You got an error because the conversion is illegal. The reason
it is illegal is simple: it breaks
const without requiring
As an example of why it is forbidden, imagine that
foo( char const*& str )
str = "abc";
foo( h );
*h = '1';
If you're not going to modify
foo, pass by value.
Pass by reference will works if you have
char const* const&,
but there's no reason to use it here. It works because the
additional const means that you can bind a temporary to it (as
in the case of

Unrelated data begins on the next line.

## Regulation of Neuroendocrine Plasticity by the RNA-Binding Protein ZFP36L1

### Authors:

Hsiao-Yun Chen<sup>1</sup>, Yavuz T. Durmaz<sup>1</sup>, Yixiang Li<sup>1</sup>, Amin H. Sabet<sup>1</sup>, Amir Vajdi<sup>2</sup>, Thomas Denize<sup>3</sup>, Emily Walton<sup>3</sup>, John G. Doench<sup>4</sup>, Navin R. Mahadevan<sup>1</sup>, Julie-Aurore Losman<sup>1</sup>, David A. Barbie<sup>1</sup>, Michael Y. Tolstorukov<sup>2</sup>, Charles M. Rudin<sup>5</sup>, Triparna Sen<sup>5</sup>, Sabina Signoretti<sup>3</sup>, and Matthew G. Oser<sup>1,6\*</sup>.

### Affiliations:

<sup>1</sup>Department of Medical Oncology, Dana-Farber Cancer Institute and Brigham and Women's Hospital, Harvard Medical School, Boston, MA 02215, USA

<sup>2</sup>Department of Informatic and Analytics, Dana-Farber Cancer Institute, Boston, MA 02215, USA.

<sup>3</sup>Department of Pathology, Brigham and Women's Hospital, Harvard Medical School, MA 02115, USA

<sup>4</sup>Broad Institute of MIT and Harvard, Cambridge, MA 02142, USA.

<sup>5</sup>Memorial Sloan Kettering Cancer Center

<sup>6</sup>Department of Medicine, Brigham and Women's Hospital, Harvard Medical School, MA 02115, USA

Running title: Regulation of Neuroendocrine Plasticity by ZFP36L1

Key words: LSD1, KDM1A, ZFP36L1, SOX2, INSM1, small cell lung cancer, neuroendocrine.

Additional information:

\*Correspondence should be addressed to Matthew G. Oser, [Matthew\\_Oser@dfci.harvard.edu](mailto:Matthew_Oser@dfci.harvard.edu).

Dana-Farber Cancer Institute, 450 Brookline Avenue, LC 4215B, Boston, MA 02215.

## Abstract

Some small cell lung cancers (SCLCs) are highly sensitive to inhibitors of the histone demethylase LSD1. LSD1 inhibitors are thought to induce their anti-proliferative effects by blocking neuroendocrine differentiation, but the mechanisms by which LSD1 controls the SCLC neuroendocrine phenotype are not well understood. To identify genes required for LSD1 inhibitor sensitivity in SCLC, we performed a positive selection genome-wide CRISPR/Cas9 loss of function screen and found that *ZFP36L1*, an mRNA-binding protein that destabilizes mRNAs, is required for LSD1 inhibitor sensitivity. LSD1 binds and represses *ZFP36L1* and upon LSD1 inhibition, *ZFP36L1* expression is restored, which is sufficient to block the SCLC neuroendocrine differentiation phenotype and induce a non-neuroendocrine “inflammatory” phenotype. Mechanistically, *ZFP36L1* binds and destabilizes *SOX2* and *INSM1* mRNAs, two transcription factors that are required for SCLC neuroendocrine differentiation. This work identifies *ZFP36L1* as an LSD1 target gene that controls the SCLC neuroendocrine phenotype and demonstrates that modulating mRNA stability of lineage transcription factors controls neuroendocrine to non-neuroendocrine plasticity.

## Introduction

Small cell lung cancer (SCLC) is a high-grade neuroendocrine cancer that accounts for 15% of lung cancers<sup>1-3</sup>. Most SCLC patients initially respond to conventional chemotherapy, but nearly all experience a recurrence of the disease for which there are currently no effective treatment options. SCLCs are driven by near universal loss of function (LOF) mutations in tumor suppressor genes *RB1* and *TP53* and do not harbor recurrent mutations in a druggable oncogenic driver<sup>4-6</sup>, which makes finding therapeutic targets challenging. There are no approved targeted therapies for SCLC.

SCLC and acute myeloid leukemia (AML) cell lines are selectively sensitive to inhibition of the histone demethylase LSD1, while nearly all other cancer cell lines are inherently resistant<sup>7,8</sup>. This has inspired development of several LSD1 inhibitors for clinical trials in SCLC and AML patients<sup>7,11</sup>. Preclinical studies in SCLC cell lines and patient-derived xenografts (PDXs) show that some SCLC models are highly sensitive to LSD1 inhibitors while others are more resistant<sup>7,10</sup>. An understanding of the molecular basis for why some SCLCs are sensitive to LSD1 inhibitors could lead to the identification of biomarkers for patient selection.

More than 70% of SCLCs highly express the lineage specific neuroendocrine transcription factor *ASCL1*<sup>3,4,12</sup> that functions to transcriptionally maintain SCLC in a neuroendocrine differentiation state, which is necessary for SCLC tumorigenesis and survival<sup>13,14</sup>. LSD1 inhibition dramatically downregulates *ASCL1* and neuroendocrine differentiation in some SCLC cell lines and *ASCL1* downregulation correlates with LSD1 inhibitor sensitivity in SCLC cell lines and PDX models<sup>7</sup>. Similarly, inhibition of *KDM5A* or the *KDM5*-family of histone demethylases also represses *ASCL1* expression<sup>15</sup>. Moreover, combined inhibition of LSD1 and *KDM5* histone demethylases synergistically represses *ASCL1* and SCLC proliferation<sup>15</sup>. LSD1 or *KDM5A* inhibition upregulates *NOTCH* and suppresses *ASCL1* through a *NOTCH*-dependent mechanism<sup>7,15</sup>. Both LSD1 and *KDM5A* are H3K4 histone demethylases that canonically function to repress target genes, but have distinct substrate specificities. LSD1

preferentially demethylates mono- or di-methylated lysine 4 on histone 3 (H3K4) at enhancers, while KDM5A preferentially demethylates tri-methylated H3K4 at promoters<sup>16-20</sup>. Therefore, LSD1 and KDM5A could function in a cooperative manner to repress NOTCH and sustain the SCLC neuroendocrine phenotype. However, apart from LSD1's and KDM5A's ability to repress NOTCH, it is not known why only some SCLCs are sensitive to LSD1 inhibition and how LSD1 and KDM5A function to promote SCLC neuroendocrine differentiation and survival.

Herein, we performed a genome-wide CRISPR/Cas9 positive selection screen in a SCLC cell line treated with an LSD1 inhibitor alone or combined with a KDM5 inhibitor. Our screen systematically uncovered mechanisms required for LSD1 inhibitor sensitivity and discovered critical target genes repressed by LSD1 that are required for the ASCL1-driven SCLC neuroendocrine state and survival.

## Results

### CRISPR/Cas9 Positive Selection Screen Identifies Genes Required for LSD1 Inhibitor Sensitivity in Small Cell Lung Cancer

foo( "hello" ), where the argument is
a temporary resulting from the conversion of
char const to
char const*, and
foo( h ) works, because the implicit const
conversions will work (in C++, but not in C!), as long as you
add const everywhere (and not just at one level).
Also, your code also uses a deprecated conversion to initialize
h. You should get a warning here. And
void main is an
error, and shouldn't compile.
Just to be clear, there's no problem with:
void f( char const*& str );
But you can only call it with an lvalue of type
anything else will either result in an illegal implicit const
conversion, or try to initialize a non-const reference with an
rvalue, which is illegal.